During the week of August 22, 1988, Ms. Smith made inquiries of Paul Kittle, the assistant deputy chief of the Virginia Contracting Activity, and the contracting officer administering the IBM requirements contract at the Virginia Contracting Activity, concerning the nature of the IBM contract and whether the equipment being obtained pursuant to that contract would satisfy the Air Force's needs for the equipment sought pursuant to the canceled RFP.
Mr. Kittle suggested that Ms. Smith send her configuration to him so that he could advise whether the Virginia Contracting Activity could satisfy it. Mr. Kittle responded affirmatively that his agency could support the Air Force's needs. On September 2nd, 1988, Ms. Smith sought a final commitment which would set forth the terms of the DIA contract and the dollar amounts of the items to be purchased.
On September 7, formal confirmation was sent to Ms. Smith and ESC. On September 9, Ms. Smith prepared a Determination for Interagency Acquisition under the Economy Act which summarized her decision to acquire the equipment under the DIA contract. She also prepared a Determination setting forth her decision not to renew the canceled RFP. Each Determination is a detailed statement of reasons for the action taken.
Ms. Smith promptly notified the bidders on the RFP not to resolicit. On September 20, 1988, a purchase order pursuant to the DIA contract was executed in order to allow for the procurement of the equipment in question.
In the present action National Gateway seeks to enjoin preliminarily implementation of the purchase order.
B. National Gateway's Contentions :
National Gateway's position has evolved and discovery has disclosed more of the underlying facts. In its original papers National Gateway contended that ESC violated federal laws mandating open, competitive bidding when it canceled the solicitation upon which National Gateway bid and decided instead to procure the automated data processing equipment by exercising options on a noncompetitive basis on an older, existing contract. More specifically, National Gateway charged that ESC had engaged in maneuvers designed to ensure that IBM received the contract. These maneuvers included, first, withdrawal of the RFP for the pretextual reason that proper procedures had not been followed and, second, the exercise of the option under the existing contract with IBM for an improper reason, namely, that the RFP would not be completed in fiscal year 1988, ending September 30, and ESC needed to spend 1988 funds to avoid jeopardizing its 1989 budget.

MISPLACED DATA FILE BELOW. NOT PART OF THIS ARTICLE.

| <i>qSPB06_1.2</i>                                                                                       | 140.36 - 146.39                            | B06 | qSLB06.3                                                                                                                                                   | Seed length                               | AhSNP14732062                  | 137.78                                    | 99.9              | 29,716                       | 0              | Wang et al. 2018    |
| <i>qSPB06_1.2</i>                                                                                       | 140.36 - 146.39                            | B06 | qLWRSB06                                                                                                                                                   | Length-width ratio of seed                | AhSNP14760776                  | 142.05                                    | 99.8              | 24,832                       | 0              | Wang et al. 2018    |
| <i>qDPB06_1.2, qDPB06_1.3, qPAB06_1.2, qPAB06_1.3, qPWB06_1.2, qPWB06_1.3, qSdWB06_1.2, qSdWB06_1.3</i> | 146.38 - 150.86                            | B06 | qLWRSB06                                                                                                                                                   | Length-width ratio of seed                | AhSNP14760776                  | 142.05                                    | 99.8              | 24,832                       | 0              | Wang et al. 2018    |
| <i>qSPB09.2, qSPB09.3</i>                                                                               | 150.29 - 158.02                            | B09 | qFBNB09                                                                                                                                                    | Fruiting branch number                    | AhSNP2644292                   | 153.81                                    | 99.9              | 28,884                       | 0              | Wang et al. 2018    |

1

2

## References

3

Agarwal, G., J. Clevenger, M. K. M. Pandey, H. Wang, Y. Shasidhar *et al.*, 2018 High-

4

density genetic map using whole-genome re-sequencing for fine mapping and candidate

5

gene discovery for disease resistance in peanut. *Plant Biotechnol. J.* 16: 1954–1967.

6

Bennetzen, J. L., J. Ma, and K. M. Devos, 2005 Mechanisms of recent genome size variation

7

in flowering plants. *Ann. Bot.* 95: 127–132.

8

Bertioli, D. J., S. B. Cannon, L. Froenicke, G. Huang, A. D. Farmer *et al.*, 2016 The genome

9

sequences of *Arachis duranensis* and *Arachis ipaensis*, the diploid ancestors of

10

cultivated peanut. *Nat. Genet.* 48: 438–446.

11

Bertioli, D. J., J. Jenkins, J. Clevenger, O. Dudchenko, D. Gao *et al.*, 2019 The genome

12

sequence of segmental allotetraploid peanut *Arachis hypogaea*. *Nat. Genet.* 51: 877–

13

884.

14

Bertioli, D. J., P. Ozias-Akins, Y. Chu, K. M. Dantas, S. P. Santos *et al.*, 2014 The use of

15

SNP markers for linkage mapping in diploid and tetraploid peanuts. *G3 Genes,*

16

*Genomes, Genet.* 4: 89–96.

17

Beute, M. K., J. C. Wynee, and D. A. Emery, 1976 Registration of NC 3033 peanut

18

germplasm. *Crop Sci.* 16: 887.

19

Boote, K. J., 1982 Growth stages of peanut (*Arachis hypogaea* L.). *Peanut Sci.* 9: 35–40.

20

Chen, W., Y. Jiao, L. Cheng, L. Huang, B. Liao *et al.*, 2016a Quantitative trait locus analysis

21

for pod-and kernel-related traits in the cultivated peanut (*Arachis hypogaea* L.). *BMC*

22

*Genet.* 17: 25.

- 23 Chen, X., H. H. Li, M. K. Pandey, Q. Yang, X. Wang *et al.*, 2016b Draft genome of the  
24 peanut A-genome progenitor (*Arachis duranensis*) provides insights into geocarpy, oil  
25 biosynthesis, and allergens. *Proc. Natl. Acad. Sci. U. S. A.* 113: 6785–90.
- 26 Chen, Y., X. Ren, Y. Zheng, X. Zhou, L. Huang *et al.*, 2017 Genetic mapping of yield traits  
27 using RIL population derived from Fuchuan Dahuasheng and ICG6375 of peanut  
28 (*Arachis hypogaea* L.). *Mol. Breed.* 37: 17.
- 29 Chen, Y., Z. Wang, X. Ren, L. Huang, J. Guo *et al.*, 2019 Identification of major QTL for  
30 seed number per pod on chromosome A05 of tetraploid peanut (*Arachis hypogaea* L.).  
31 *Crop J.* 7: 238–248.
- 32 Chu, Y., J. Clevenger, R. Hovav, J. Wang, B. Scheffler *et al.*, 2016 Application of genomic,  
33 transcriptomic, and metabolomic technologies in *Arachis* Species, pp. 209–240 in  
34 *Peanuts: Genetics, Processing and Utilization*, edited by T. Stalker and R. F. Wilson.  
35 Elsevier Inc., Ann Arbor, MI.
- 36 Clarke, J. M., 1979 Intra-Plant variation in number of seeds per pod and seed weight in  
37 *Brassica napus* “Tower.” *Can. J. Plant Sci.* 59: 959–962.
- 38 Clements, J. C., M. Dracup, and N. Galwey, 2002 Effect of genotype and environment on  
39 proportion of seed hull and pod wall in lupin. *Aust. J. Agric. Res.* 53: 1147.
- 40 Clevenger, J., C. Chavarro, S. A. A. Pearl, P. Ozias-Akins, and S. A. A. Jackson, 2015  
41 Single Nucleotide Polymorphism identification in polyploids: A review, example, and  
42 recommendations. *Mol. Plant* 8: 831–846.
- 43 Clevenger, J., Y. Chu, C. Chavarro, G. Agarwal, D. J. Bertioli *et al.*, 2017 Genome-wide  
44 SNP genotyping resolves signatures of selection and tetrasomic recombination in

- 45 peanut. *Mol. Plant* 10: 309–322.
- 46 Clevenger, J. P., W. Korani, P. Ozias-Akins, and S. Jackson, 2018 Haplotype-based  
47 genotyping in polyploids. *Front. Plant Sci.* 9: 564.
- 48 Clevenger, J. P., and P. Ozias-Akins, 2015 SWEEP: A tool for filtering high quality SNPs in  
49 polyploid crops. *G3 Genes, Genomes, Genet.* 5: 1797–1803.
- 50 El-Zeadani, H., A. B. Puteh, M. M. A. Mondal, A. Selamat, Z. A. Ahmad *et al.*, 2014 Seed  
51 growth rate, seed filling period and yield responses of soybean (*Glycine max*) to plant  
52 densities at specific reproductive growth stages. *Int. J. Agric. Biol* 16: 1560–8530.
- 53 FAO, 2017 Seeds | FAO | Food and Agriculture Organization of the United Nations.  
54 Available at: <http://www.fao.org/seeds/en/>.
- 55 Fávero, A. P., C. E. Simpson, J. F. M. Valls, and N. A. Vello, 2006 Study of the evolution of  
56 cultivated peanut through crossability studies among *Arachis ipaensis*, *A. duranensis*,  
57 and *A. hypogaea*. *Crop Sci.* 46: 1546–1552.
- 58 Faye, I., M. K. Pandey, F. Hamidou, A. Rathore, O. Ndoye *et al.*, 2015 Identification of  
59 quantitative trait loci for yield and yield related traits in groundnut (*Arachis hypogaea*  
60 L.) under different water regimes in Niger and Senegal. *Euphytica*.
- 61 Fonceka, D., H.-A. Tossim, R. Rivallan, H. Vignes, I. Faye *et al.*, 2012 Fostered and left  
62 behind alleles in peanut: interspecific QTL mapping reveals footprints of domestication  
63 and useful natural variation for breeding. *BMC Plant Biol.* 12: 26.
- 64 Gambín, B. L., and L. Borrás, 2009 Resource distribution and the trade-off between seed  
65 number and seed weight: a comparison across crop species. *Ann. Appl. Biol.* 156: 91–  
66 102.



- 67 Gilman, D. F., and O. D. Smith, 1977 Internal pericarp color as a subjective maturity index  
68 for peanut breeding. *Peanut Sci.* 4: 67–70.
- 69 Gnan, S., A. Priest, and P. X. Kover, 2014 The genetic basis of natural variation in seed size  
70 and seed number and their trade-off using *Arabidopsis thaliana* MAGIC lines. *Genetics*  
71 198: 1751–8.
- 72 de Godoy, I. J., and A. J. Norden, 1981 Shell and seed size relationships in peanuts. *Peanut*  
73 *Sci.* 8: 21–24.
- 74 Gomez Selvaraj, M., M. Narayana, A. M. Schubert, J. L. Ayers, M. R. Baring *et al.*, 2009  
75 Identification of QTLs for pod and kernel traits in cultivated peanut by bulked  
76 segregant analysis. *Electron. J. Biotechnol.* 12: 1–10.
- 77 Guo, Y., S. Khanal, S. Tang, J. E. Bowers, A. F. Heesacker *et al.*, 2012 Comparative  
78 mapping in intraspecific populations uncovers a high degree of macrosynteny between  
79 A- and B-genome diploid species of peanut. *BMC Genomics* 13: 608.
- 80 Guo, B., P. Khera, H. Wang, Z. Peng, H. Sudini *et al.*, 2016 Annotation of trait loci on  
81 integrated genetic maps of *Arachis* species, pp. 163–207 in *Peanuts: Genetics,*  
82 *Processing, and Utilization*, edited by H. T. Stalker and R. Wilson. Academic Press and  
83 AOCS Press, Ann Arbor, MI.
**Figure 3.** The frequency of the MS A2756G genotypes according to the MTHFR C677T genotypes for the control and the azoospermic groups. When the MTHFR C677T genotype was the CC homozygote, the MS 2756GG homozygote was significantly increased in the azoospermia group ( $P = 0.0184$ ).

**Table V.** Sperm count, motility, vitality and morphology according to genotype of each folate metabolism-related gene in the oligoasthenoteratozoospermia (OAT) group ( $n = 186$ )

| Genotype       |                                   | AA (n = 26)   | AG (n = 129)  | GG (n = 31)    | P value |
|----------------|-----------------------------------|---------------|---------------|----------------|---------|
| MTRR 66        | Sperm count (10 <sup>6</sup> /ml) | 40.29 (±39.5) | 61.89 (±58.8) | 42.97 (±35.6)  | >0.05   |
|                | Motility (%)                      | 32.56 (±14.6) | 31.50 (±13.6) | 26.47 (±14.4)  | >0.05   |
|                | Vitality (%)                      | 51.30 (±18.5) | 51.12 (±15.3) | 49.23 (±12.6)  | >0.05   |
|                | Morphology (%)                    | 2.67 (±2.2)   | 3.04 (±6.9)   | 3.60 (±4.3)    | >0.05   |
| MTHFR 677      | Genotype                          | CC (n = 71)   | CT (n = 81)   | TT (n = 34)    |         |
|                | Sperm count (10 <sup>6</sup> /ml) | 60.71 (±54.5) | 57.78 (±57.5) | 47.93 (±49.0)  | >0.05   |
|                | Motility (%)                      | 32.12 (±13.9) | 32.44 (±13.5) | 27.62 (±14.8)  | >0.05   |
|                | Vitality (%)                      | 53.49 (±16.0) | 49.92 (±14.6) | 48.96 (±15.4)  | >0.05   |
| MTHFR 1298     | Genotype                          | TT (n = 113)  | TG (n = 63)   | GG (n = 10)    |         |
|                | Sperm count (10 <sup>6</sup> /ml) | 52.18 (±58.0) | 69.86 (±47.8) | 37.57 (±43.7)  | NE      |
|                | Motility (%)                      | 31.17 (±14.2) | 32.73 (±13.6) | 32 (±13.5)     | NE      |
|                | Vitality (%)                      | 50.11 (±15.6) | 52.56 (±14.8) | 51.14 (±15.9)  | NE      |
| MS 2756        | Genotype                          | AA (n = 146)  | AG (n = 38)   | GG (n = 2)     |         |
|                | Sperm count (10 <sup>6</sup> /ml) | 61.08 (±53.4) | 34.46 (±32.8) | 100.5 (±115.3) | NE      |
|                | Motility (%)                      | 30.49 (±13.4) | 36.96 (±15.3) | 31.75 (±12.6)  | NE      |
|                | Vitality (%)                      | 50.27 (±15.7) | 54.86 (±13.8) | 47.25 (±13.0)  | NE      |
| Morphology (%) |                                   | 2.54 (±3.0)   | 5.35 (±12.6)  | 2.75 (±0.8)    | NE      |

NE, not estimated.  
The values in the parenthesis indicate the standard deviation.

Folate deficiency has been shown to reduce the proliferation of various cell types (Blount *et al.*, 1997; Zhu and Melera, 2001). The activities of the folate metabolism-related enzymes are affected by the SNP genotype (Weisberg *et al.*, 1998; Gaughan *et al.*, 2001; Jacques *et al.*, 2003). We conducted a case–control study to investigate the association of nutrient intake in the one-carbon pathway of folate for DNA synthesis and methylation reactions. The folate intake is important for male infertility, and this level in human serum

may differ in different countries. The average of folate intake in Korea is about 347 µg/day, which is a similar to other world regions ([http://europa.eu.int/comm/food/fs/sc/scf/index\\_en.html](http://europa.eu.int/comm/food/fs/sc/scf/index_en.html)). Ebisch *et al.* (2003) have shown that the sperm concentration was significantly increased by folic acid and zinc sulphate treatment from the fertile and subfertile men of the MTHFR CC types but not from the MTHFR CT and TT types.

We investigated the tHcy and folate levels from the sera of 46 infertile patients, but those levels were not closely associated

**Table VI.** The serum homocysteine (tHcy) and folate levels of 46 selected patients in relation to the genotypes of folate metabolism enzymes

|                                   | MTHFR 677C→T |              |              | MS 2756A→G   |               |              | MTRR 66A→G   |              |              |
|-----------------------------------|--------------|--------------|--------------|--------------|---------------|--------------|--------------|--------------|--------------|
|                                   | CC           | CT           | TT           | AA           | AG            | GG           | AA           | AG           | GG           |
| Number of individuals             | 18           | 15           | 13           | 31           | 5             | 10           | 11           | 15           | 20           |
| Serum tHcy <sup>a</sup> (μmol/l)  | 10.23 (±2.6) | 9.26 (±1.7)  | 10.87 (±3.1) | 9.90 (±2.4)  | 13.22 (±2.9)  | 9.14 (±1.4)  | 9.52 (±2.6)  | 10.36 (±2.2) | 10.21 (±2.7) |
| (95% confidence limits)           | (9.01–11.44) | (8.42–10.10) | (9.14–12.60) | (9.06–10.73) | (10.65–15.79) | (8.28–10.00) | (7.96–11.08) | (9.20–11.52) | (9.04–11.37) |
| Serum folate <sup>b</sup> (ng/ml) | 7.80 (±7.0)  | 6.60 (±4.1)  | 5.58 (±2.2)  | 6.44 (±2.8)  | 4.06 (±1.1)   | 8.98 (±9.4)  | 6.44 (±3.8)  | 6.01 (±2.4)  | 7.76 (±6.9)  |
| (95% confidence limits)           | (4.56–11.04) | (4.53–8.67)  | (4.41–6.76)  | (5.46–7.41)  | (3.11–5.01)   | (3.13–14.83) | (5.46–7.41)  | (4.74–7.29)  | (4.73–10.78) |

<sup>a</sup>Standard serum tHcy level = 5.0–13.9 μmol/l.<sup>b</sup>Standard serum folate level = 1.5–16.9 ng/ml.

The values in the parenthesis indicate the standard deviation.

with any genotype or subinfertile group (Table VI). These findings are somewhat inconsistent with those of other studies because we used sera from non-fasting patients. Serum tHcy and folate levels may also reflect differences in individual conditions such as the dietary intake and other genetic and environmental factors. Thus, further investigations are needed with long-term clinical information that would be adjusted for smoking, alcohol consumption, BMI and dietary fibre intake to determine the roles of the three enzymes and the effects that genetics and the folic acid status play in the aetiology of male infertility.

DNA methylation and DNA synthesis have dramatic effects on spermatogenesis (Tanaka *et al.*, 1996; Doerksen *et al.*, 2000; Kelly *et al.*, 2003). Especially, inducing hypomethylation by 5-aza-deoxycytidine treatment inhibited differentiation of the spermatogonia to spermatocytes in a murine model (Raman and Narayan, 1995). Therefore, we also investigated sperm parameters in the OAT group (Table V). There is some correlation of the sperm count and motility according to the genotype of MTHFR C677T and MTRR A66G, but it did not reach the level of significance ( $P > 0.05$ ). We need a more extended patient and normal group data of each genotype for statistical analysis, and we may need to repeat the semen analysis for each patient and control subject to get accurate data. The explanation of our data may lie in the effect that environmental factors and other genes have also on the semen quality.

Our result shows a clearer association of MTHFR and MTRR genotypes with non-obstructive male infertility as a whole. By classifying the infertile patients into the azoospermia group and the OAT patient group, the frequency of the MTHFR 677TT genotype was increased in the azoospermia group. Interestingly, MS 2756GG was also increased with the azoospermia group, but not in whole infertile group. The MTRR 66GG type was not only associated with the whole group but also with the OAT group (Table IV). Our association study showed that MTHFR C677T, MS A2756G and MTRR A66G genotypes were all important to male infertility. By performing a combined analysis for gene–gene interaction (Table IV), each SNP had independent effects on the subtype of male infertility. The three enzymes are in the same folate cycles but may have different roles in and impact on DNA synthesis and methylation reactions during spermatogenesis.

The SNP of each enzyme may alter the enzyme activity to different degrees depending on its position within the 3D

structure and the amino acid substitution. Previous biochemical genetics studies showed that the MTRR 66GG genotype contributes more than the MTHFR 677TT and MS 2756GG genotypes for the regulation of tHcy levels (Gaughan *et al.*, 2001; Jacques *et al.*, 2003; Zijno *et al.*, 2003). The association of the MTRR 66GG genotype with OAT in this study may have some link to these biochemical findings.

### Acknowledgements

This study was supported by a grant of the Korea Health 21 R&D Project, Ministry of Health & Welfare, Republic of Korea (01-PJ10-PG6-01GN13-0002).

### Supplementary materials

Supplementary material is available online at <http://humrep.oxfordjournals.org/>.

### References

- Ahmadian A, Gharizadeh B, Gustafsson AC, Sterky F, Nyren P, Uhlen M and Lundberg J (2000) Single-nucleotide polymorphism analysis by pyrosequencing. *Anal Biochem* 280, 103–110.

When discovery disclosed that ESC had not exercised an option under an existing contract, National Gateway revised its contentions and asserted that ESC's method of acquiring the equipment constituted procurement in less than full and open competition under the Competition in Contracting Act.
More specifically, it still contends that the entire procedure adopted by ESC was a maneuver designed to ensure that IBM receive the contract and that the maneuver included withdrawal of the RFP for a pretextual reason. However, National Gateway now contends that the Virginia Contracting Authority RFP was conducted under unlawful, noncompetitive conditions designed to benefit IBM.
National Gateway claimed that the Virginia Contracting Authority RFP was conducted under "other than full and open competition," based on a finding that, in the interest of national defense, it could not be synopsized in Commerce Business Daily because that would reveal to the world at large what was being purchased for intelligence organizations. As a result of that finding, as noted above, the RFP was mailed to only five potential bidders. National Gateway asserts that with respect to Amdahl Corporation and National Advance Systems, Inc. the RFP was mailed to addresses least likely to gain the attention of persons likely to bid.
National Gateway also asserts that there were a number of things about the Virginia Contracting Authority RFP which limited competition. It provided a $ 1 million assessment against any bidder which did not manufacture all the items on the list, which would be everybody except IBM. It required an integrated vector processor facility, thus eliminating Amdahl which did not manufacture one. It required IBM proprietary software and provided for evaluation of bids to be based 60 percent on technical factors and 40 percent on price, thus giving an inordinate weight to subjective views of the contracting officers who, it is alleged, had a strong preference for IBM equipment.
A number of concerns made inquiries and/or attempted to obtain provisions in the RFP so that they could bid, but, according to National Gateway, no revisions were made and in the end, IBM was the only bidder.
As we have seen IBM was awarded the contract.
I note parenthetically that at the preliminary injunction hearing it was learned that the $ 1 million assessment had been eliminated by a late amendment to the solicitation.